The Situationist

Stereotype Lift – The Obama Effect

Posted by The Situationist Staff on January 24, 2009

From Sam Dillon’s article, titled “Study Sees an Obama Effect as Lifting Black Test-Takers,” in yesterday’s New York Times.
* * *

. . . [R]esearchers have documented what they call an Obama effect, showing that a performance gap between African-Americans and whites on a 20-question test administered before Mr. Obama’s nomination all but disappeared when the exam was administered after his acceptance speech and again after the presidential election.

The inspiring role model that Mr. Obama projected helped blacks overcome anxieties about racial stereotypes that had been shown, in earlier research, to lower the test-taking proficiency of African-Americans, the researchers conclude in a report summarizing their results.

“Obama is obviously inspirational, but we wondered whether he would contribute to an improvement in something as important as black test-taking,” said Ray Friedman, a management professor at Vanderbilt University, one of the study’s three authors. “We were skeptical that we would find any effect, but our results surprised us.”

* * *

Dr. Friedman and his fellow researchers, David M. Marx, a professor of social psychology at San Diego State University, and Sei Jin Ko, a visiting professor in management and organizations at Northwestern, have submitted their study for review to The Journal of Experimental Social Psychology, Dr. Friedman said.

“It’s a very small sample, but certainly a provocative study,” said Ronald F. Ferguson, a Harvard professor who studies the factors that have affected the achievement gap between white and nonwhite students, which shows up on nearly every standardized test. “There is a certainly a theoretical foundation and some empirical support for the proposition that Obama’s election could increase the sense of competence among African-Americans, and it could reduce the anxiety associated with taking difficult test questions.”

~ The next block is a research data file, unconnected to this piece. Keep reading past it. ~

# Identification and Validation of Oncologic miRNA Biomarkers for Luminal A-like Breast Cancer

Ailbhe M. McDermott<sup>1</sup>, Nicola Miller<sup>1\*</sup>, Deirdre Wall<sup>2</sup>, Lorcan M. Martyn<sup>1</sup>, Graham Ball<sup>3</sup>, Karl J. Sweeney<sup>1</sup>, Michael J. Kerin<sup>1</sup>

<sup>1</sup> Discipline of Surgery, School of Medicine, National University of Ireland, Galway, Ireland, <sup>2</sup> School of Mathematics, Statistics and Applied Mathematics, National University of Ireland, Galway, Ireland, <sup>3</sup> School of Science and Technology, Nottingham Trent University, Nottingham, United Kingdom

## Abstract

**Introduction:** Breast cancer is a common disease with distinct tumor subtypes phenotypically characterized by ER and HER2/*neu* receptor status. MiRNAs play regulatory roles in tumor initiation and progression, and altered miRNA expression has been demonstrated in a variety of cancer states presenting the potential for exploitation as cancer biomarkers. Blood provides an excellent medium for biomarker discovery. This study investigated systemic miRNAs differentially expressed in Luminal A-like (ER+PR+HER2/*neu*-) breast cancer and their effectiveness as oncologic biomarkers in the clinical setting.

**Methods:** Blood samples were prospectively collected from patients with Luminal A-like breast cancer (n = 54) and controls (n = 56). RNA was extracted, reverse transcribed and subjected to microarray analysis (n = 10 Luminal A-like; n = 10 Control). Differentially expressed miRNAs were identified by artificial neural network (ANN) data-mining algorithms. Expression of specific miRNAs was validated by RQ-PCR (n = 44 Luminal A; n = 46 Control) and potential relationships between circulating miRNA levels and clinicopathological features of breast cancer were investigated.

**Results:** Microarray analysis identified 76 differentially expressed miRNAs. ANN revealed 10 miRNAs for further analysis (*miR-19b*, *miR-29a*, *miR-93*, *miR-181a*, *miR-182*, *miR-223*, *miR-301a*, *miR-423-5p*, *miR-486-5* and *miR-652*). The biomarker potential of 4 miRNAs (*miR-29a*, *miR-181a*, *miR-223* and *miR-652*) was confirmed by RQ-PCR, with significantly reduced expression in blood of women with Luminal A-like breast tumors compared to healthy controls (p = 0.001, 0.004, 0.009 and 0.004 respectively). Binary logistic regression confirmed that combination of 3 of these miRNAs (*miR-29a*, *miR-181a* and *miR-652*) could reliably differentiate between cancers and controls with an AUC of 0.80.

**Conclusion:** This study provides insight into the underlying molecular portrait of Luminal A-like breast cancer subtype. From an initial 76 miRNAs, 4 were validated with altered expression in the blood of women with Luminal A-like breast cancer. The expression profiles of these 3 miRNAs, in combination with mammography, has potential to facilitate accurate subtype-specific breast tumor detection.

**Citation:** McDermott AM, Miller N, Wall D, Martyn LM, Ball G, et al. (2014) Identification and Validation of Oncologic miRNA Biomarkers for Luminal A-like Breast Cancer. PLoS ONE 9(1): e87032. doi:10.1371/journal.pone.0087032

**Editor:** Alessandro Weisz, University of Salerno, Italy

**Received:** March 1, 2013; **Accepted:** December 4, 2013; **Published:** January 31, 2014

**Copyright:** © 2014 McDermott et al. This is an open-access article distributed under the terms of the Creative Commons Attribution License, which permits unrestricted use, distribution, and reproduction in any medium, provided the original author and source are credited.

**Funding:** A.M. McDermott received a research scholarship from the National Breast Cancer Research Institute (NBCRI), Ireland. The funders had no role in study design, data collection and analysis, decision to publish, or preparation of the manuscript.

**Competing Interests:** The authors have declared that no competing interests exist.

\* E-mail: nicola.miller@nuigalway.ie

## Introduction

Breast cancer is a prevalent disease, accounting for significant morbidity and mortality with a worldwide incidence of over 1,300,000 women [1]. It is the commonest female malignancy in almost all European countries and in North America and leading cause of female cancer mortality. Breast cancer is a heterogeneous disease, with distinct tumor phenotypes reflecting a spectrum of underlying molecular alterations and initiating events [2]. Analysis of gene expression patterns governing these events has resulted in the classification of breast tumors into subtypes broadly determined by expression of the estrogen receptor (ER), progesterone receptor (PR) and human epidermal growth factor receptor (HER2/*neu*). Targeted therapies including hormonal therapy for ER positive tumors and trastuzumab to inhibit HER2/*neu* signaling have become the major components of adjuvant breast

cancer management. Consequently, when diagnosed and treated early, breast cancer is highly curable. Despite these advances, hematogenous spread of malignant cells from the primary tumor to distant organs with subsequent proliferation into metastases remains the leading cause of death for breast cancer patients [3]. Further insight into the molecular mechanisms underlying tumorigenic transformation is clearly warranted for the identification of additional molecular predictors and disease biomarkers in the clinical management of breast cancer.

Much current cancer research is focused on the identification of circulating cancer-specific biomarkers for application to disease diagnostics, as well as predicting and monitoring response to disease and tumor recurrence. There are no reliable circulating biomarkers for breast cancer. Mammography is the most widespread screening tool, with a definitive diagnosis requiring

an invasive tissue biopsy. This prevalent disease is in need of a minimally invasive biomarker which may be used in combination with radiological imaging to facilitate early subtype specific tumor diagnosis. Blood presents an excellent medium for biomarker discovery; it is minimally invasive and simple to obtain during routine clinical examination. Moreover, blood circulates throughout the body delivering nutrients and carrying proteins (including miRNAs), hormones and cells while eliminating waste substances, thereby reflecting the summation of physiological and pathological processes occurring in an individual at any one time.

* * *

In the study made public on Thursday, Dr. Friedman and his colleagues compiled a brief test, drawing 20 questions from the verbal sections of the Graduate Record Exam, and administering it four times to about 120 white and black test-takers during last year’s presidential campaign.

In total, 472 Americans — 84 blacks and 388 whites — took the exam. Both white and black test-takers ranged in age from 18 to 63, and their educational attainment ranged from high school dropout to Ph.D.

On the initial test last summer, whites on average correctly answered about 12 of 20 questions, compared with about 8.5 correct answers for blacks, Dr. Friedman said. But on the tests administered immediately after Mr. Obama’s nomination acceptance speech, and just after his election victory, black performance improved, rendering the white-black gap “statistically nonsignificant,” he said.

* * *

To read the entire article, click here.  For a sample of related Situationist posts discussing stereotype threat, see “Stereotype Threat and Performance,” The Gendered Situation of Science and Math,” “Gender-Imbalanced Situation of Math, Science, and Engineering,” “Sex Differences in Math and Science,” “You Shouldn’t Stereotype Stereotypes,” “Women’s Situation in Economics,” and “Your Group is Bad at Math.”